Pitfalls and perils at a new block’s initial AGM

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The initial AGM of a new building is an exciting, confusing and challenging event, especially for first-time owners.  But the more things you get right there, the easier life will be for you and your neighbours for years to come.

It’s not easy to do – especially when a large number of people at the meeting are new to strata and will go along with whatever the developer suggests.

But being hyper-diligent now is a lot simpler than trying to untangle yourself from unfair and expensive contractual obligations further down the track

The developer will come to initial AGMs with a range of contracts for ratification – especially things like building and strata management, energy supply and lift maintenance.

In most states those contracts must, by law, be approved and ratified by a majority of owners at the meeting if they are to take effect.

Most high-end developers have hard-won reputations to protect and wouldn’t dream of conning their customers, if only because they want repeat business.

But then there are the rest and you should scrutinise all the contracts because otherwise you could be saddled with bad deals on punitive terms for years to come.

So what should you look out for at your first AGM?

One area of potential concern is “embedded networks”.  They can work to your advantage by offering, for instance, reduced energy costs for the whole building, to be shared among the residents.

But be aware that the supplier or installer of a key part of the building’s infrastructure may have done the work at no cost to the developer provided they persuade the owners to sign up for a long-term and grossly inflated maintenance contract.

Unit owners at a first AGM can put the kybosh on this by rejecting the maintenance contract and letting the developer deal with the fall-out.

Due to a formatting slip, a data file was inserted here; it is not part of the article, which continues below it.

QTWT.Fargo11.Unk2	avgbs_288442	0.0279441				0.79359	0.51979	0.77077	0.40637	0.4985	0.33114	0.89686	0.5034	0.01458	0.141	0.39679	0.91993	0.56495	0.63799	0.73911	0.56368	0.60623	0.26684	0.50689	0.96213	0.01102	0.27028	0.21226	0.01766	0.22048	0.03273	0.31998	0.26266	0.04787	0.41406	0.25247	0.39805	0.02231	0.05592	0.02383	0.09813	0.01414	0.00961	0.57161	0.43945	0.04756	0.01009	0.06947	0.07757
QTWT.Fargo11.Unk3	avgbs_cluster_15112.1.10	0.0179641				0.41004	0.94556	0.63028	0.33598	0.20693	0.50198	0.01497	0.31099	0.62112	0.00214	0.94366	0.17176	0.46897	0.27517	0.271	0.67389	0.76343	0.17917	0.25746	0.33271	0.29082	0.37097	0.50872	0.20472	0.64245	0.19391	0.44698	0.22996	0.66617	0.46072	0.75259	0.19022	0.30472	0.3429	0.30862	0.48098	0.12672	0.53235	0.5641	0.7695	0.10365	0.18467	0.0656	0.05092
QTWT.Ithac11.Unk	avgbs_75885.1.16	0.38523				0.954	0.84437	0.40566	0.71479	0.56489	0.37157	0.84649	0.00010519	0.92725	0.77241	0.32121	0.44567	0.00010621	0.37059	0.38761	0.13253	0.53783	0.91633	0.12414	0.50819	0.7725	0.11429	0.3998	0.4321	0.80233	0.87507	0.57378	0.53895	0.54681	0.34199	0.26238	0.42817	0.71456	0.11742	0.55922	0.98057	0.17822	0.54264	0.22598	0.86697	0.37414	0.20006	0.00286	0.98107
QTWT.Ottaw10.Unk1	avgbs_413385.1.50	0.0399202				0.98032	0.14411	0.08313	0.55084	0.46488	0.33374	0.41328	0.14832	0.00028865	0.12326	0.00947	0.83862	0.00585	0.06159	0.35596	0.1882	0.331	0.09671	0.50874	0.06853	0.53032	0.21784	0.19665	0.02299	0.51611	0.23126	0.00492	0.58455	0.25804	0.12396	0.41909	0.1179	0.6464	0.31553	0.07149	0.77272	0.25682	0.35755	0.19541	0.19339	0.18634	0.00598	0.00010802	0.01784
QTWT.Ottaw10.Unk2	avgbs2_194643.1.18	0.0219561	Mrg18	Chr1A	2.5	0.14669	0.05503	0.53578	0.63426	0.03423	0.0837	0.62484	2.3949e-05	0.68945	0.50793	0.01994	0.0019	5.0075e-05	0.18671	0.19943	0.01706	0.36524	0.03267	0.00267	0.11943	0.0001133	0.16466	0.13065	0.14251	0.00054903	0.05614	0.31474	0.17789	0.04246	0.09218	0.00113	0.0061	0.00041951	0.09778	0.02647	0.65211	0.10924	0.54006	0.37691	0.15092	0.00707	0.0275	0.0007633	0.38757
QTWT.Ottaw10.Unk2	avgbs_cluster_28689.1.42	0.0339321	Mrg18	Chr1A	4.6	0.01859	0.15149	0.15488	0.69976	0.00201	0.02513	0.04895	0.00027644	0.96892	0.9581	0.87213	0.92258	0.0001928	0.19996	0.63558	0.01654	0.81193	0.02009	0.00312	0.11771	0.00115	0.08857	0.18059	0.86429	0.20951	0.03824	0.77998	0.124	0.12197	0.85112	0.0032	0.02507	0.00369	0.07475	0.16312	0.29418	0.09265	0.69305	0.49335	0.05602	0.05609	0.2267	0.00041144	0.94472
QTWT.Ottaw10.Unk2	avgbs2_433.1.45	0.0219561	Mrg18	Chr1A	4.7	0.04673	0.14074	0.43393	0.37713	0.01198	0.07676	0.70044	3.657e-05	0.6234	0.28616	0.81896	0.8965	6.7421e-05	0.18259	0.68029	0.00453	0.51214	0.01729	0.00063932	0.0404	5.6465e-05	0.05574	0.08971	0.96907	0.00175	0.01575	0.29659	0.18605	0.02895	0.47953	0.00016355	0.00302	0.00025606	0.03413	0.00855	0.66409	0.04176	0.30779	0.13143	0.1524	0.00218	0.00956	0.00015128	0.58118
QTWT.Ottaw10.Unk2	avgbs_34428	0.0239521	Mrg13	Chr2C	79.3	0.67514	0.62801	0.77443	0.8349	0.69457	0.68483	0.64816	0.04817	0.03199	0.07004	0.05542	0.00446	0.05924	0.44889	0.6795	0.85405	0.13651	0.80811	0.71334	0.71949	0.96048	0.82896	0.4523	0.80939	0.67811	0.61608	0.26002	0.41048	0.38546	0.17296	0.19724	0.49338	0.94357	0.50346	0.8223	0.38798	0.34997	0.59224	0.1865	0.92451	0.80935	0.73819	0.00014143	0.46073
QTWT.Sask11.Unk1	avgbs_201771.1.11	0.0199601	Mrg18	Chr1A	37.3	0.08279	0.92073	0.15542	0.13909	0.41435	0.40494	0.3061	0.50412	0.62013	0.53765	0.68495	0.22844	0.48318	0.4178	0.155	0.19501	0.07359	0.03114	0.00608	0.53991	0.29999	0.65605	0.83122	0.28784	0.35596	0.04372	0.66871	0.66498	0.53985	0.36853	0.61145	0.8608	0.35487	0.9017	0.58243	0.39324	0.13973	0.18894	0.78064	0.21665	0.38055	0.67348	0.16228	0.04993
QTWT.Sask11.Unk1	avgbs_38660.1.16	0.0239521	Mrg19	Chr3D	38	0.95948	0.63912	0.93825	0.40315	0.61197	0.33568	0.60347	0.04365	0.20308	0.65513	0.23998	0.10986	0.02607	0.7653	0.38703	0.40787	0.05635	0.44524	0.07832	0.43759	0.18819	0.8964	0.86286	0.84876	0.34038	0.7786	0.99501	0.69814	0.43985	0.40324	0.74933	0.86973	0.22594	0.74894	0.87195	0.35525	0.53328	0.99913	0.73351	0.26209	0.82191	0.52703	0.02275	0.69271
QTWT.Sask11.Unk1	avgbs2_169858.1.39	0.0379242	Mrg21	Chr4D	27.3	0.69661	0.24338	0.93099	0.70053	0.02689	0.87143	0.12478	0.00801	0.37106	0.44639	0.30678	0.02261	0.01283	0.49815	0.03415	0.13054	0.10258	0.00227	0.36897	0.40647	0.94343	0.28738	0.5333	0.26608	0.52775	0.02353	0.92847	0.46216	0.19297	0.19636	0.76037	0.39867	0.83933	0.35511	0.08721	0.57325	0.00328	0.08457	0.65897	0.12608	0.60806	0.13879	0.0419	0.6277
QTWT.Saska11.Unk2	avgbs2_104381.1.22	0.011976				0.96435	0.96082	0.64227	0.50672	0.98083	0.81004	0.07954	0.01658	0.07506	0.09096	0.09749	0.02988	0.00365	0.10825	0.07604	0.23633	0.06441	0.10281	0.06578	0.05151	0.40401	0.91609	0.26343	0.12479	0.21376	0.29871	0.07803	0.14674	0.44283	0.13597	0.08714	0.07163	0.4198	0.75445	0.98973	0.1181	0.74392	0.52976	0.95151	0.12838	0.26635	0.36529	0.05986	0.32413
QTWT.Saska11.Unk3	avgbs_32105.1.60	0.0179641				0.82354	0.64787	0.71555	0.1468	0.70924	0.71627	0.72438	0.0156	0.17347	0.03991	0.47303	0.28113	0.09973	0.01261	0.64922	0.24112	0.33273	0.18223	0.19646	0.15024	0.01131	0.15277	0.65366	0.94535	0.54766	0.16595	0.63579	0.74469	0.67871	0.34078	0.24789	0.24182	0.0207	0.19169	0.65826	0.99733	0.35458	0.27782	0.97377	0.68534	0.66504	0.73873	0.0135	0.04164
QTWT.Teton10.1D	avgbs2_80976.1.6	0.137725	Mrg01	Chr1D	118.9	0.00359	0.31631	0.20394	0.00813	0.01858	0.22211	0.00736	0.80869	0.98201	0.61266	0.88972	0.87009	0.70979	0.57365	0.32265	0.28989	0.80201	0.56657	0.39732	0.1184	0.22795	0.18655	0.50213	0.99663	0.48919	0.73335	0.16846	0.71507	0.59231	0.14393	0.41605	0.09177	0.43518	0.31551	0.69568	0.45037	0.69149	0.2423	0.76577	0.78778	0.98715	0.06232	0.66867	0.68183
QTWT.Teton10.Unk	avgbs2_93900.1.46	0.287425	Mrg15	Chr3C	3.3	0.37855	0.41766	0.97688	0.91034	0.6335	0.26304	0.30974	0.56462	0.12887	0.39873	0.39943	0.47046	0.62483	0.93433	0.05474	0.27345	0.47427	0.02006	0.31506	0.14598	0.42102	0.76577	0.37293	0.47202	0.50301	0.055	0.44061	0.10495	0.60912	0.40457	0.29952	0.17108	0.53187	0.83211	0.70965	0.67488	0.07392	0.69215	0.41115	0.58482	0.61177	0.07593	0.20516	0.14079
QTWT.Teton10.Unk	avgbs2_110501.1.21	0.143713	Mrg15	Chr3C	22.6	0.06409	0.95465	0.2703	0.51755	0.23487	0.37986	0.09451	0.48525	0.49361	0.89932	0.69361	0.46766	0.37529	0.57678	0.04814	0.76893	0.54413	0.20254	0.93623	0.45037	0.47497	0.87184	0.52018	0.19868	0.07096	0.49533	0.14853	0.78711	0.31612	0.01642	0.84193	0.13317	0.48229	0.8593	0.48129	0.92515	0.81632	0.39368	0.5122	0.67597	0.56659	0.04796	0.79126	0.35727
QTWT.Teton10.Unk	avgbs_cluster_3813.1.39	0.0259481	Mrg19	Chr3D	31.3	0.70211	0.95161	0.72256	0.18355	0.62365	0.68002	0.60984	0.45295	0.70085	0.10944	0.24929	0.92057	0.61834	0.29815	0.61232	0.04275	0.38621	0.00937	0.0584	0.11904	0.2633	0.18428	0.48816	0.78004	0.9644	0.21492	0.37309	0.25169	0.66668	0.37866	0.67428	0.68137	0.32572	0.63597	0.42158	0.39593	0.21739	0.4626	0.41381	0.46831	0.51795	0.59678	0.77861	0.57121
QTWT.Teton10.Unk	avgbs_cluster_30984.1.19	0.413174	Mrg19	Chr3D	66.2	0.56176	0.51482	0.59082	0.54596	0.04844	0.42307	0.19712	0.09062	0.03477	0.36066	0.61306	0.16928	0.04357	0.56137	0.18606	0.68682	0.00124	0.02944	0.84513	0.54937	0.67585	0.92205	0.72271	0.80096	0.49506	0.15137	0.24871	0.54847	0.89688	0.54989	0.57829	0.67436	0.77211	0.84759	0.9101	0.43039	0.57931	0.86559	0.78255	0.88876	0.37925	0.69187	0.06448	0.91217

Another area is building facilities management contracts.  You might be presented with a contract for 10 years, plus an option of a further 10 when the contract runs out, as it must by law in NSW and other states.

Persuade your fellow owners to only accept a contract that runs for an initial period of one year and then for five or less thereafter, provided it works out in the first year.  Too radical? 

By this time next year that could well be the law if proposed reforms in NSW go through. And consider this, strata managers can only get a one-year contract followed by three years at a time.

You might also ask the developer if they have received or have been promised any payment for the pre-sale of facilities management contracts. 

This fundamentally corrupt siphoning of owners corporation funds into developer pockets can be killed off (except in Queensland) if apartment owners refuse to sign.

When it comes to electing the committee, ask anyone who nominates if they have any prior relationship with the developer and any previous experience of serving on a strata committee.

If the answers are “yes” and “no” respectively, choose candidates whose responses are the opposite. And ask each candidate what they hope to bring to the committee, in terms of skills and experience.

Finally, if you are totally new to strata or aren’t comfortable with public confrontation, consider getting an experienced strata advocate of some sort to speak on your behalf.

Share the costs with other owners if you can.  If the developers refuse to pass on your contact details to other owners so you can do that, know that you could have a fight on your hands from square one.

This column first appeared in the Australian Financial Review.

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